We report on an inverted duplication of region 8p12→23.3 presenting with significant motor development delay, hypotonia, facial dysmorphisms, ventricular septal defects and corpus callosum agenesis, most of which were reported in previous studies [47, 11]. The regions 8p21 and 8p22 were commonly duplicated in all patients with inv dup (8p). Though different breakpoint regions for inv dup (8p) are reported, the clinical findings are quite homogeneous. In our report, however, the subtelomeric region was not deleted. We propose that the phenotypic findings of these patients are mainly due to trisomy 8p12→23.3 with an inverted duplication of 8p. Recently, a duplication of 8p23.1 and triplication of 8p23.2 in patients affected by mental retardation and minor facial dysmorphisms have been presented [14].

A limited number of patients with inv dup 8p have so far been reported in the literature should not lead us to the conclusion that this duplication occurs extremely rare; it is more likely that it is rarely reported because of relatively non-specificity of the abnormalities in these patients and the cytogenetic band assignment by conventional cytogenetic analysis is difficult. The application of MCB demonstrates the occurrence of different inverted duplications within the short arm of chromosome 8.

Conclusion

Inverted duplications on chromosome 8p are observed more frequently by the aim of technical improvement in routine cytogenetics. More complex karyotypes are being delineated by widely available use of newly developed tools. In conclusion, the present patient suggests that there might be a certain predisposition to chromosome 8p for more complex aberrations other than inverted duplications, which should be considered during the cytogenetic evaluation.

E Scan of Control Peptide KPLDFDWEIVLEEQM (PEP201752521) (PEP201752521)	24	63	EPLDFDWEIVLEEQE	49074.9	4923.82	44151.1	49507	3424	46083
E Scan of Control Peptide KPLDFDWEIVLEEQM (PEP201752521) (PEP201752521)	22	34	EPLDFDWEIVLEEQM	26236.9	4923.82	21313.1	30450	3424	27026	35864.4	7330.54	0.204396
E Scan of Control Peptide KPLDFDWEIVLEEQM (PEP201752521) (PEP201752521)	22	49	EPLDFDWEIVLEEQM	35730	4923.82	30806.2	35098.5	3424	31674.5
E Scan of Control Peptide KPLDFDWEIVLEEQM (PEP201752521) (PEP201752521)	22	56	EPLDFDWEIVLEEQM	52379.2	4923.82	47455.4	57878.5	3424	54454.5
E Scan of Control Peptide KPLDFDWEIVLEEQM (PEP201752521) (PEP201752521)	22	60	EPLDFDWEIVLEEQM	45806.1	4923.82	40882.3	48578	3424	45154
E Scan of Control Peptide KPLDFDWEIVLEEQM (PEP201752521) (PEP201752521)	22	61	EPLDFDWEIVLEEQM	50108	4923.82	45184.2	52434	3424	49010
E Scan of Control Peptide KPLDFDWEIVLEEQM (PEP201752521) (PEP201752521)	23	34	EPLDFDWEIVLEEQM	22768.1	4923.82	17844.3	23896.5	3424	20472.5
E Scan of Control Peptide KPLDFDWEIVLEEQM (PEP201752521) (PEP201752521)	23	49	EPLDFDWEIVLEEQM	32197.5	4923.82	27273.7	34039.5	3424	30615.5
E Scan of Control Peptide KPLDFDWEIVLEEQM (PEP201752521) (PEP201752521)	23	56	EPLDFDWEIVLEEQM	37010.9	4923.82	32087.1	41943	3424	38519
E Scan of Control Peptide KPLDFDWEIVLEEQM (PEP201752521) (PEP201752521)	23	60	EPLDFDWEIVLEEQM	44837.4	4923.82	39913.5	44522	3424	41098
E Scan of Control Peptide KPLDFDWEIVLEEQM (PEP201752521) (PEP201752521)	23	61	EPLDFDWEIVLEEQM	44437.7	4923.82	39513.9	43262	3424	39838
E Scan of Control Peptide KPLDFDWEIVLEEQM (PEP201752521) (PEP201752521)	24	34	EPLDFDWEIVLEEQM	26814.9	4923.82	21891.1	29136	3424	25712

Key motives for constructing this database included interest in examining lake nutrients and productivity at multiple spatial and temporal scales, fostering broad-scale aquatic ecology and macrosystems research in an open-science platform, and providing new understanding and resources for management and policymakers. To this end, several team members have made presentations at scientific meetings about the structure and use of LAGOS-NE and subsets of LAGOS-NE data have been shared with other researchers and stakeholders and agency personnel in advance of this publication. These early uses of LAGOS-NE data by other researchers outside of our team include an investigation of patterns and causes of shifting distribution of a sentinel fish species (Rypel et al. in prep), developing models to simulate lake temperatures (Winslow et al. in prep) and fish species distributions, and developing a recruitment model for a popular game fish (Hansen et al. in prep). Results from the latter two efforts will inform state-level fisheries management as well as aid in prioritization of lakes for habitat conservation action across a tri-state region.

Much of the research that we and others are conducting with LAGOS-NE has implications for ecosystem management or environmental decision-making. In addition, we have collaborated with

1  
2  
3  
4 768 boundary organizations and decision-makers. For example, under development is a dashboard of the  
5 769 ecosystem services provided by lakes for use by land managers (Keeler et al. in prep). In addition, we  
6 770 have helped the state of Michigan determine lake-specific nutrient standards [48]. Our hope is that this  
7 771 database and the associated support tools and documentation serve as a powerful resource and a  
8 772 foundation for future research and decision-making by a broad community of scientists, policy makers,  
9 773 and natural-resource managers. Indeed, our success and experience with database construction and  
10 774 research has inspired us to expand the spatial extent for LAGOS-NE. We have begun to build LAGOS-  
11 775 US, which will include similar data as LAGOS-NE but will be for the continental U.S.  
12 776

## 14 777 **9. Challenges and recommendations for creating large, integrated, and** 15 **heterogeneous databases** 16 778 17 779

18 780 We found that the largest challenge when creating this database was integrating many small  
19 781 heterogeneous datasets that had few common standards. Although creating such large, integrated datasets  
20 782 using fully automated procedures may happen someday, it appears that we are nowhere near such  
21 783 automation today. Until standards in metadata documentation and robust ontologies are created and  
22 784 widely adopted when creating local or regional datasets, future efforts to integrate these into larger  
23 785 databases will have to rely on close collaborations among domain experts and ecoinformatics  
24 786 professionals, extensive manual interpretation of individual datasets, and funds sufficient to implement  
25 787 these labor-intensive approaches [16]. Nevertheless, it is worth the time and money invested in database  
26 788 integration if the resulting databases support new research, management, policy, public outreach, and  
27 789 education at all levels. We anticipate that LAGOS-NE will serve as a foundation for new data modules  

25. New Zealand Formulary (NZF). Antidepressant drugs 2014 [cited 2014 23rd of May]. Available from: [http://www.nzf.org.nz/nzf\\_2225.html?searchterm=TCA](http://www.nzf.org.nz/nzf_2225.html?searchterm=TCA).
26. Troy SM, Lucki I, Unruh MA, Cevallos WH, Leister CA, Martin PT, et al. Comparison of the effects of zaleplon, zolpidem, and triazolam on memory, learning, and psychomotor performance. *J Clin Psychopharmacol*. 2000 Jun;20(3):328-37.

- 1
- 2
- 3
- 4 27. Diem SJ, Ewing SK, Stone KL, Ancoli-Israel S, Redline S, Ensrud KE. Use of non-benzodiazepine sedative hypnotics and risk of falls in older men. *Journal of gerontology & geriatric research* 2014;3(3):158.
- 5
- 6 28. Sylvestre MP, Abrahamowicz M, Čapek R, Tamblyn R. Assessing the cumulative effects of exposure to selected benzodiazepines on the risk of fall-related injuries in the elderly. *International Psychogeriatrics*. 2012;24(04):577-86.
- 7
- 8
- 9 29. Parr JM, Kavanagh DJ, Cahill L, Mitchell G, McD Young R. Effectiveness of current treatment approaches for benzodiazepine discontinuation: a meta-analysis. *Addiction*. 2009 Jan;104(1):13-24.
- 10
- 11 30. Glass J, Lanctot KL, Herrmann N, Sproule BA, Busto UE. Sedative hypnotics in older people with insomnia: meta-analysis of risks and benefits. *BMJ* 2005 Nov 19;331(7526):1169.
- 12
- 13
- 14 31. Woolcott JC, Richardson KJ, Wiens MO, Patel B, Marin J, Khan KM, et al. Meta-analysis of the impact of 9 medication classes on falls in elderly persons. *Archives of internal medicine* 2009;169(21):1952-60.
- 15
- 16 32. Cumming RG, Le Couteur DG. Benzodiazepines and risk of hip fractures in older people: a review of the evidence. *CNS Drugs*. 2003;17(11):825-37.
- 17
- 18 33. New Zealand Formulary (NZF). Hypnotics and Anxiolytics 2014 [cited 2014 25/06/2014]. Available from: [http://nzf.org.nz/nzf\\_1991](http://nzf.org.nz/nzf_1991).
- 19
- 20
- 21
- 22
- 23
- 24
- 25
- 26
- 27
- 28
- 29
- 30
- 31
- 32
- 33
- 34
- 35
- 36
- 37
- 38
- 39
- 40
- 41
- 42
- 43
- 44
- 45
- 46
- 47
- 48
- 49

Consent Section

Written informed consent was obtained from the patient for publication of this case report and any accompanying images. A copy of the written consent is available for review by the Editor-in Chief of this journal.

Declarations

Acknowledgements

We would like to thank to the family who participated in this study. This work was supported parts by the Ernst-Abbe-Stiftung and the Evangelische Studienwerk e.V. Villigst. The BAC probes listed in Table 1 were a generous gift of Dr. W.W. Cai, Baylor College, Houston, Texas, USA.

Authors’ Affiliations

(1)
Department of Genetics, Hacettepe University Faculty of Medicine
(2)
Institut für Humangenetik und Anthropologie
(3)
Department of Peditarics Cardiology, Hacettepe University Faculty of Medicine

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Copyright

© Aktas et al; licensee BioMed Central Ltd. 2009

This article is published under license to BioMed Central Ltd. This is an Open Access article distributed under the terms of the Creative Commons Attribution License (http://creativecommons.org/licenses/by/2.0), which permits unrestricted use, distribution, and reproduction in any medium, provided the original work is properly cited.